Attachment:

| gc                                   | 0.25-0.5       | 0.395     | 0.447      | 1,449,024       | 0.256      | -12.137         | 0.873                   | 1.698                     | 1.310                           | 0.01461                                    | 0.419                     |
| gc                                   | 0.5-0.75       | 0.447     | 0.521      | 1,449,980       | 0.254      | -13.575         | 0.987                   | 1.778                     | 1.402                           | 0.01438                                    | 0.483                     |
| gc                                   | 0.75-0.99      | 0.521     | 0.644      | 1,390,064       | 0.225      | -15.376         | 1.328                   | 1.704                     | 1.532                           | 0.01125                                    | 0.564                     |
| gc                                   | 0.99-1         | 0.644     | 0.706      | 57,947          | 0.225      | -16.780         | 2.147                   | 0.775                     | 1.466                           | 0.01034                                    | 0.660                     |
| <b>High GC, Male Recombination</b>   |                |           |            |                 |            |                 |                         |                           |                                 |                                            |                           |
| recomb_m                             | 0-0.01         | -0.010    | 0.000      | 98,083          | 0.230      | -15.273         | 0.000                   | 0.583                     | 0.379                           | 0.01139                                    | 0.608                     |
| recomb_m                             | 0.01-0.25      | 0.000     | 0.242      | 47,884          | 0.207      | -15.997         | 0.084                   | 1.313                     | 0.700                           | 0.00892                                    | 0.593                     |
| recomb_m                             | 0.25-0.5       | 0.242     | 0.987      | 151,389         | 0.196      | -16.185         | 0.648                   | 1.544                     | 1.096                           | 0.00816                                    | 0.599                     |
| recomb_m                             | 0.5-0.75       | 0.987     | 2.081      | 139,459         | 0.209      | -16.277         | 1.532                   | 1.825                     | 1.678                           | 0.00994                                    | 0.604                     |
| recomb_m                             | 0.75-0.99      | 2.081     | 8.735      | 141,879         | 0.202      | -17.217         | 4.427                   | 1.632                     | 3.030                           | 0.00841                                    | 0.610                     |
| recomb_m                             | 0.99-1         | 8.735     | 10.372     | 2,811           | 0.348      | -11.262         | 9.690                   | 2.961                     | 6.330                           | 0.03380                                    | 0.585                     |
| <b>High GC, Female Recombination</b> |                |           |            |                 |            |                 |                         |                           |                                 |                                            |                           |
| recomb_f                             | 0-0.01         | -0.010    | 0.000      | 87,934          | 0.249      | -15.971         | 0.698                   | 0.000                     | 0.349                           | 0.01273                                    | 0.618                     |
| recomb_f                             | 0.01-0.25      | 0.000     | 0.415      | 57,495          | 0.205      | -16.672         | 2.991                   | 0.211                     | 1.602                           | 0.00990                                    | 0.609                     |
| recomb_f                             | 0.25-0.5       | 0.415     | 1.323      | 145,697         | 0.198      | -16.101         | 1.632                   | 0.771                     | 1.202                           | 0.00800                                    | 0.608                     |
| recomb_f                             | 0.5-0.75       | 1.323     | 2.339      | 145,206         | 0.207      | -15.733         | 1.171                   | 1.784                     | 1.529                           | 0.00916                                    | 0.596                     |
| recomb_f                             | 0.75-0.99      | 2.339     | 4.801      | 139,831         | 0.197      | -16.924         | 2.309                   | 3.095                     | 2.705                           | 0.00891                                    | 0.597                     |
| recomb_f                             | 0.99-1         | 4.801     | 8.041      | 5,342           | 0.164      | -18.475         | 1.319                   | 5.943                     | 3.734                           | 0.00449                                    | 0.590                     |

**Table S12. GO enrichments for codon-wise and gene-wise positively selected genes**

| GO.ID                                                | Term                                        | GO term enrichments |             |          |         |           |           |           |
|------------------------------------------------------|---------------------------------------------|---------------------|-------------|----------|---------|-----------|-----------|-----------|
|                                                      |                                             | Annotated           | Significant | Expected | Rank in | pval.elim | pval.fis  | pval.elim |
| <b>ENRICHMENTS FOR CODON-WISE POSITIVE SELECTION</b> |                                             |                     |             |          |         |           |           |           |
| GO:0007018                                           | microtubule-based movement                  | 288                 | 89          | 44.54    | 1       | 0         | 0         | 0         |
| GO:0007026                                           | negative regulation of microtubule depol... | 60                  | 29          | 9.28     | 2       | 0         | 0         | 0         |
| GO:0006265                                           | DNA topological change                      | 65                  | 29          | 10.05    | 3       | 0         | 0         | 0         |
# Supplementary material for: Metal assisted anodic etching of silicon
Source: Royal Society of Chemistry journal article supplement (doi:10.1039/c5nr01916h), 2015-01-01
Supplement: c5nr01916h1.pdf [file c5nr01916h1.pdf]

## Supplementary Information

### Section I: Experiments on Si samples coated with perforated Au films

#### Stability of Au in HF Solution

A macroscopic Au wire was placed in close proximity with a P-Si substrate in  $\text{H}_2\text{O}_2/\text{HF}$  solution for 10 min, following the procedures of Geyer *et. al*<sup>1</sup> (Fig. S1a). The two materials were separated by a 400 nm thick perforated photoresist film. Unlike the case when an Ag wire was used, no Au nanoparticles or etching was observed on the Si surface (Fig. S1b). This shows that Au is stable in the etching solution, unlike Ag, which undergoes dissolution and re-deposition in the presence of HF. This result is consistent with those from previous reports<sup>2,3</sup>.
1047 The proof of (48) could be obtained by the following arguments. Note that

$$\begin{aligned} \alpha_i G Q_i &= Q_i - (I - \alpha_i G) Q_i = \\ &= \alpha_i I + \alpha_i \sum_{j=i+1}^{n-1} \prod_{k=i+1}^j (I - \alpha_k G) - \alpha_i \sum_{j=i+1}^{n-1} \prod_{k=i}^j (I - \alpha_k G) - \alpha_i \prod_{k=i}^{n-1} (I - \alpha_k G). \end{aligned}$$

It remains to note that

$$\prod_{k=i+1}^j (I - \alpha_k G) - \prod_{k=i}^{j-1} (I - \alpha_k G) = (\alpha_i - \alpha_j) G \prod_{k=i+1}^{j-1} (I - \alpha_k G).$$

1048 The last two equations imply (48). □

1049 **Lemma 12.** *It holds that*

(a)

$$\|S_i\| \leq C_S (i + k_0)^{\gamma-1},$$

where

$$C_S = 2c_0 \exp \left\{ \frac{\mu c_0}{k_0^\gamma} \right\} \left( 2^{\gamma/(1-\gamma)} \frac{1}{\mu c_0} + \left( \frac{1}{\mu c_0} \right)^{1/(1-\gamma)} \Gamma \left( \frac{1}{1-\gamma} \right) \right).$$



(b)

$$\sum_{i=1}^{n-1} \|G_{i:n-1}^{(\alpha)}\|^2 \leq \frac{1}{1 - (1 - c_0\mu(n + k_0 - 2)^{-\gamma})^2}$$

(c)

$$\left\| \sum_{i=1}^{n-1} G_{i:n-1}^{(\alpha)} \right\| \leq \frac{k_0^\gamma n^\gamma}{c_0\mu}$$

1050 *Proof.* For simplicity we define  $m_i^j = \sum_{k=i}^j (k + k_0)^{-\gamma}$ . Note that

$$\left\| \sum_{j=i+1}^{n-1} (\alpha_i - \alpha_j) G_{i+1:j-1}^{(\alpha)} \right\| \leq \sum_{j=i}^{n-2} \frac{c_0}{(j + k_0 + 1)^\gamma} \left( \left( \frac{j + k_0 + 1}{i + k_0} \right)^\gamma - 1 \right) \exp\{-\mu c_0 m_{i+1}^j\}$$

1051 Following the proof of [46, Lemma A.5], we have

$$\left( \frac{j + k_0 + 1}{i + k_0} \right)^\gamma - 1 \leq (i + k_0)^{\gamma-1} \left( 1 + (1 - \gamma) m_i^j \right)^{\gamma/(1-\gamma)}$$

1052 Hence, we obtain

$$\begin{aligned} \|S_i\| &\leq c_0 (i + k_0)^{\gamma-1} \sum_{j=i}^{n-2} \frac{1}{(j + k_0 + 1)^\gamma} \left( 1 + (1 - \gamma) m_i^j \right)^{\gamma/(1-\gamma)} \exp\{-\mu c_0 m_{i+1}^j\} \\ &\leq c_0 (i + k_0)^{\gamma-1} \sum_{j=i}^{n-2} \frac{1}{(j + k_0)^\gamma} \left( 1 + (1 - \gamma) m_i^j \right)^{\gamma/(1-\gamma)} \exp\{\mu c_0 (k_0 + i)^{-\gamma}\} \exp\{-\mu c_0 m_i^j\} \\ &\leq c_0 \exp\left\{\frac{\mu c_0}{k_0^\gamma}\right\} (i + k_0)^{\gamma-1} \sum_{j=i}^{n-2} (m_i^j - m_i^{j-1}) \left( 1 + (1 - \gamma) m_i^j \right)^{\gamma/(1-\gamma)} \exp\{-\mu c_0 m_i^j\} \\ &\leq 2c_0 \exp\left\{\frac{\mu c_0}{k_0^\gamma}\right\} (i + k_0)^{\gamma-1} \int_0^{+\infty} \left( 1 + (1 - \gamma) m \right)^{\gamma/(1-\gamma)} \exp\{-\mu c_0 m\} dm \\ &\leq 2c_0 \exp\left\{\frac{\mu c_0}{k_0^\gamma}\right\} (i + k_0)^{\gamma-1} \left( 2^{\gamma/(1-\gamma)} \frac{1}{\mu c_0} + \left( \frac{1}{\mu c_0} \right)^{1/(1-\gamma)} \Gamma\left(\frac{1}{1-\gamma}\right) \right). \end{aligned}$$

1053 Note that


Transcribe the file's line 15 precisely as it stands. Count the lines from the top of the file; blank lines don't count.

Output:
| recomb_f                             | 0.25-0.5       | 0.415     | 1.323      | 145,697         | 0.198      | -16.101         | 1.632                   | 0.771                     | 1.202                           | 0.00800                                    | 0.608                     |